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The BMC Teammachine of the American GC hopeful
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Astana's Alexander Vinokourov feels the pinch on stage 13 of the 2012 Tour de France
Astana man caught in finale of stage 13
Alexandre Vinokourov (Astana) has cut a decidedly low-key figure in what is his final Tour de France, but the divisive rider from Kazakhstan eventually showed himself in the closing kilometres of stage 13 to Le Cap d'Agde, powering off the front in the company of Michael Albasini (Orica-GreenEdge) as crosswinds buffeted a significantly the peloton along the Bassin de Thau.
Such winds are a notorious characteristic of racing in this particular corner of Languedoc, and Vinokourov himself had already showed his aptitude in the area during his infamous 2007 Tour, when his Astana squad split the field on the road to Montpellier. That race, of course, was to end in disgrace for Vinokourov, as he tested positive for an homologus blood transfusion that will forever overshadow his achievements.
Nonetheless, Vinokourov was able to return to the Tour in 2010, winning a stage at Revel and was set to retire after last year's race until he suffered a broken femur on the road to Saint-Flour. Determined to bring the curtain down on his controversial career in a more dignified manner, Vinokourov opted to continue for one further season, and this Tour and the London 2012 Olympics will be his final bows on the world stage.
Although Vinokourov had spoken before the Tour of his desire to sign off with a stage victory, he admitted afterwards that his move with Albasini was born purely out of chance. "In the Tour, there are always stages like this with small roads, wind and echelons," he said. "Everybody wants to place their leader at the front but it's not always possible. I was actually trying to place Janez Brakovic and then I found myself off the front so I thought ‘why not try something?'"
The sharp climb of Mont Saint-Clair – a staple of the lamented Midi Libre – had split the field with 24 kilometres to go, and in a high-speed finale, only the strongmen remained at the front of the race. 16 kilometres from home, Vinokourov drifted clear with Albasini, and the duo quickly decided to take their chances.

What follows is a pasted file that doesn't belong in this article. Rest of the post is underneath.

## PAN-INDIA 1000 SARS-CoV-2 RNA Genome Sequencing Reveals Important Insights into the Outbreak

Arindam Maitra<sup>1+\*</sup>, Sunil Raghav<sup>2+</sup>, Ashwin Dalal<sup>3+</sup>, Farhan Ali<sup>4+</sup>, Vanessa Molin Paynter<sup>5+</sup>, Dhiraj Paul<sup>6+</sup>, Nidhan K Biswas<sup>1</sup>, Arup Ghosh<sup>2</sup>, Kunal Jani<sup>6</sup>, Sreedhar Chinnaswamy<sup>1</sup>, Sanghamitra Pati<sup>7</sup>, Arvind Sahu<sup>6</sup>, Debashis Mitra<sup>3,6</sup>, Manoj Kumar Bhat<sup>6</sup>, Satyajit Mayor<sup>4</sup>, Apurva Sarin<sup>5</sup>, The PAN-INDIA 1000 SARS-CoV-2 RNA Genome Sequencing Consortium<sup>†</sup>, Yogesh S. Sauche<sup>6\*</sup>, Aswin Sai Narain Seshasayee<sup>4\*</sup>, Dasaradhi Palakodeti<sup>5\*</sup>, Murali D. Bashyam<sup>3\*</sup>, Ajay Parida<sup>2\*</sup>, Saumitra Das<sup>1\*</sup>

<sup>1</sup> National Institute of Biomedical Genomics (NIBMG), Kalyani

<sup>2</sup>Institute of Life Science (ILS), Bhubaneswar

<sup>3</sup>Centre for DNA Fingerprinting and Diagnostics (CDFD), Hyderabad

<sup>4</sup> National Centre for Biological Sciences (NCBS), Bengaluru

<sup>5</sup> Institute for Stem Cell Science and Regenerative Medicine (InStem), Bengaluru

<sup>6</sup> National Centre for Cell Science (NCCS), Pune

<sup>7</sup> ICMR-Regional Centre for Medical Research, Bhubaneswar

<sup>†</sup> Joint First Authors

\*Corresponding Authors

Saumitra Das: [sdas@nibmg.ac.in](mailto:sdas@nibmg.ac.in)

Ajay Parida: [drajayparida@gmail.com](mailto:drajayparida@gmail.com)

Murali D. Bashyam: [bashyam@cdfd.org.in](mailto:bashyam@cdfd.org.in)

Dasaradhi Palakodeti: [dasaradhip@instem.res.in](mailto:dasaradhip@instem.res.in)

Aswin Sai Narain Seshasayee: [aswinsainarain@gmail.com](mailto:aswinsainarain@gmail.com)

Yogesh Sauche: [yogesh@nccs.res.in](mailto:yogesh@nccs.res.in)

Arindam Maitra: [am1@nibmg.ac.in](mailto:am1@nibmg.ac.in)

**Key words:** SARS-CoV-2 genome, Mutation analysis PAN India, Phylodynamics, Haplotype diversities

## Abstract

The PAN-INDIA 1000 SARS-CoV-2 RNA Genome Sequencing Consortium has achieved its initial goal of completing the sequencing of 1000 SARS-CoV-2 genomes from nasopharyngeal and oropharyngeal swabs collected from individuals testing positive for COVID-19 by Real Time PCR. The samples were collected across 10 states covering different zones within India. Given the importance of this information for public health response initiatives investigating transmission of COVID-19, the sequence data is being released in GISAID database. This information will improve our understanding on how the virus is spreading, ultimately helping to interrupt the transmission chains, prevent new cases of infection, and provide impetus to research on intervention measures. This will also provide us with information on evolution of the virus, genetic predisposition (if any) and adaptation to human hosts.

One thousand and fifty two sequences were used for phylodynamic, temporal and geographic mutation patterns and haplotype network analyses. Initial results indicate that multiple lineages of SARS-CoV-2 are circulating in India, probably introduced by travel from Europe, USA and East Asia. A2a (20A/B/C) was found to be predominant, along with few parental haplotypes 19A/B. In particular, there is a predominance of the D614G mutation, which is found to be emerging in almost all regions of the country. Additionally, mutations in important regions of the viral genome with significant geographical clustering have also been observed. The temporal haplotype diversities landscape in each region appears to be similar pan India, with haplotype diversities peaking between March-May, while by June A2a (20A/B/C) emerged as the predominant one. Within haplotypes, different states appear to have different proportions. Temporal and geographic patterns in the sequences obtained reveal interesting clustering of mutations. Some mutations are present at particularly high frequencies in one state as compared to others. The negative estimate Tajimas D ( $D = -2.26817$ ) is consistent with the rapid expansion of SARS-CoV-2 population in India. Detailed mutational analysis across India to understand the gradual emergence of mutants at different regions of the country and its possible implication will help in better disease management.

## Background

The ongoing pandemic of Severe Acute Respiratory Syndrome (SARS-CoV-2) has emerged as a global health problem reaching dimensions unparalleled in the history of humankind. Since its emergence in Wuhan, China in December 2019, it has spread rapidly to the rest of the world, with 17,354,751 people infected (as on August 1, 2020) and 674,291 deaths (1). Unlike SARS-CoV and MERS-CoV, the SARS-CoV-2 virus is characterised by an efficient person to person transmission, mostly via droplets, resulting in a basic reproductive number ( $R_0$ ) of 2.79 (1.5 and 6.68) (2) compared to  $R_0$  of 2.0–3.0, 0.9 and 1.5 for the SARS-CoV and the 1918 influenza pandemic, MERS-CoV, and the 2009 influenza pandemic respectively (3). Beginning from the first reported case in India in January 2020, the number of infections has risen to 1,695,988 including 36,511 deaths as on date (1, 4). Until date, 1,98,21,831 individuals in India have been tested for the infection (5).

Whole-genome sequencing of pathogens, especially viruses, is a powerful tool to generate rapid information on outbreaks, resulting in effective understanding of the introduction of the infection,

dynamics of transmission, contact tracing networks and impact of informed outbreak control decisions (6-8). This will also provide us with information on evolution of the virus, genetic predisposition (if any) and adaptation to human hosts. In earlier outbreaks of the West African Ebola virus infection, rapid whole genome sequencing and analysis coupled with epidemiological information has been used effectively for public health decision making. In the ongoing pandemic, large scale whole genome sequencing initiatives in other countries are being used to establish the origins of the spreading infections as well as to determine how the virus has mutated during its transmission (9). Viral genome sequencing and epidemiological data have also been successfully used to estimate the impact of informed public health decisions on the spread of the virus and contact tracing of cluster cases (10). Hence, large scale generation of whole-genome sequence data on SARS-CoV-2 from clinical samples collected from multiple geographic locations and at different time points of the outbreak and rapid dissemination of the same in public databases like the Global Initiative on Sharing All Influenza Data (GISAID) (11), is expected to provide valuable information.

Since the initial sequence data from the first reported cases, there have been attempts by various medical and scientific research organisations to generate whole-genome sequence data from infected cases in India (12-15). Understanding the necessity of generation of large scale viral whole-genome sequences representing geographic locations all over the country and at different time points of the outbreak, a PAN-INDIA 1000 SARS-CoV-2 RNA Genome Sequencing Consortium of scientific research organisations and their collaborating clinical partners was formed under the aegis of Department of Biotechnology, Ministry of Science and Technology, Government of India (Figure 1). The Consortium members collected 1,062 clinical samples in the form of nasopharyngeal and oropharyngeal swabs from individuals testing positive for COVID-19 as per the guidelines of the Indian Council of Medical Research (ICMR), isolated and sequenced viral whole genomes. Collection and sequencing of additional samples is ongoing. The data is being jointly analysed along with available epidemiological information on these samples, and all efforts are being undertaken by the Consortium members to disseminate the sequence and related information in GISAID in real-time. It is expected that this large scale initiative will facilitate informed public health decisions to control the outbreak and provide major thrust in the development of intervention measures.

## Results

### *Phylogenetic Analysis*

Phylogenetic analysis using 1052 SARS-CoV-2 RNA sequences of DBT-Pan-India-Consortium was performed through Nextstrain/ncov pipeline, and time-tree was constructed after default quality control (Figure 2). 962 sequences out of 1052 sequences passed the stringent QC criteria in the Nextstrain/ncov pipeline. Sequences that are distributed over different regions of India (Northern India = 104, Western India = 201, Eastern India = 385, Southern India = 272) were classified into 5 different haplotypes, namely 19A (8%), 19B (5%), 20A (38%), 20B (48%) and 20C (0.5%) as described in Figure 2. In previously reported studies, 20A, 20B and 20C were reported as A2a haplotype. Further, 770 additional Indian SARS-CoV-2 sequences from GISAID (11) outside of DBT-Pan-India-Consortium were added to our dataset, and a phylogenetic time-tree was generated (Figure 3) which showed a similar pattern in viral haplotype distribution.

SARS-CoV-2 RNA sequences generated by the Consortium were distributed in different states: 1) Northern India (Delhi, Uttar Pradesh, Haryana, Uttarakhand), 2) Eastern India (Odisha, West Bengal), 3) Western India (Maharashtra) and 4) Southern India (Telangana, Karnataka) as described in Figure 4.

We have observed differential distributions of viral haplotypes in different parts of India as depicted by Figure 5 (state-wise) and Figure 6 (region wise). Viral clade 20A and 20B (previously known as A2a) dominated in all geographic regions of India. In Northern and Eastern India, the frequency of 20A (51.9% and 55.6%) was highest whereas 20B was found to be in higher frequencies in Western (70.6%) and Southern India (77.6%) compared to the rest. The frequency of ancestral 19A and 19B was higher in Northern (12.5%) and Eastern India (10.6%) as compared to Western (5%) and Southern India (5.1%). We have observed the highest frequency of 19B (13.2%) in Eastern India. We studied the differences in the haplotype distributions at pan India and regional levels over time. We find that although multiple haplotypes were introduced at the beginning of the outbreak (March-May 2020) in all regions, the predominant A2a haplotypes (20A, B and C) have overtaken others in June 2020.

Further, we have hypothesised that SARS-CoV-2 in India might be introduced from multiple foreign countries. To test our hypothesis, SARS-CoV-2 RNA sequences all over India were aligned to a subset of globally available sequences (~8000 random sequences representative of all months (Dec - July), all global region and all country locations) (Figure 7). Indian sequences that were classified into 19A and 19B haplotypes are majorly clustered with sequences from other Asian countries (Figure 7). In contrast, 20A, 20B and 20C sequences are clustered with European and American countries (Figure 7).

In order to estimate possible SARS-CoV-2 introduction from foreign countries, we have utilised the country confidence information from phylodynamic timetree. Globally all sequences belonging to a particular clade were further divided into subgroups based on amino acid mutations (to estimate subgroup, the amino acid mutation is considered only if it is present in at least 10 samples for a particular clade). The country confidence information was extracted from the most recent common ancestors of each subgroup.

"Albasini is a good rouleur too, so I thought we had a good chance," Vinokourov told reporters after the finish line, recalling how the pair had built up a lead of 25 seconds at one point. For a brief moment, the 38-year-old Vinokourov must have felt his former self, sowing disarray and panic in the 40-man group that was scrambling to organise itself behind.
With André Greipel still in the group and marshalled by four of his Lotto Belisol teammates, however, the cards were stacked against Vinokourov and Albasini's late raid. In a past existence, the Kazakh might well have defied such odds, but instead all he could do was rage against the dying of the light. With a shade over two kilometres to race, as the race reached Le Cap d'Agde, Vinokourov and Albasini's resistance was quenched.
"We tried but it was hard to go to the line," Vinokourov said quietly afterwards. "Still, we tried nonetheless. I was missing a bit of force and Albasini and I were both a bit tired."
A weary Vinokourov allowed the chasers to engulf him and then eject him out the back of the group, and he rolled in to the finish alone, 46 seconds down on the stage winner Greipel. After pausing briefly beyond the line to give a gruffly optimistic account of his efforts to a French television crew – "It's a good sign, I'm coming back," he said flatly – Vinokourov pedalled off towards his team bus alone.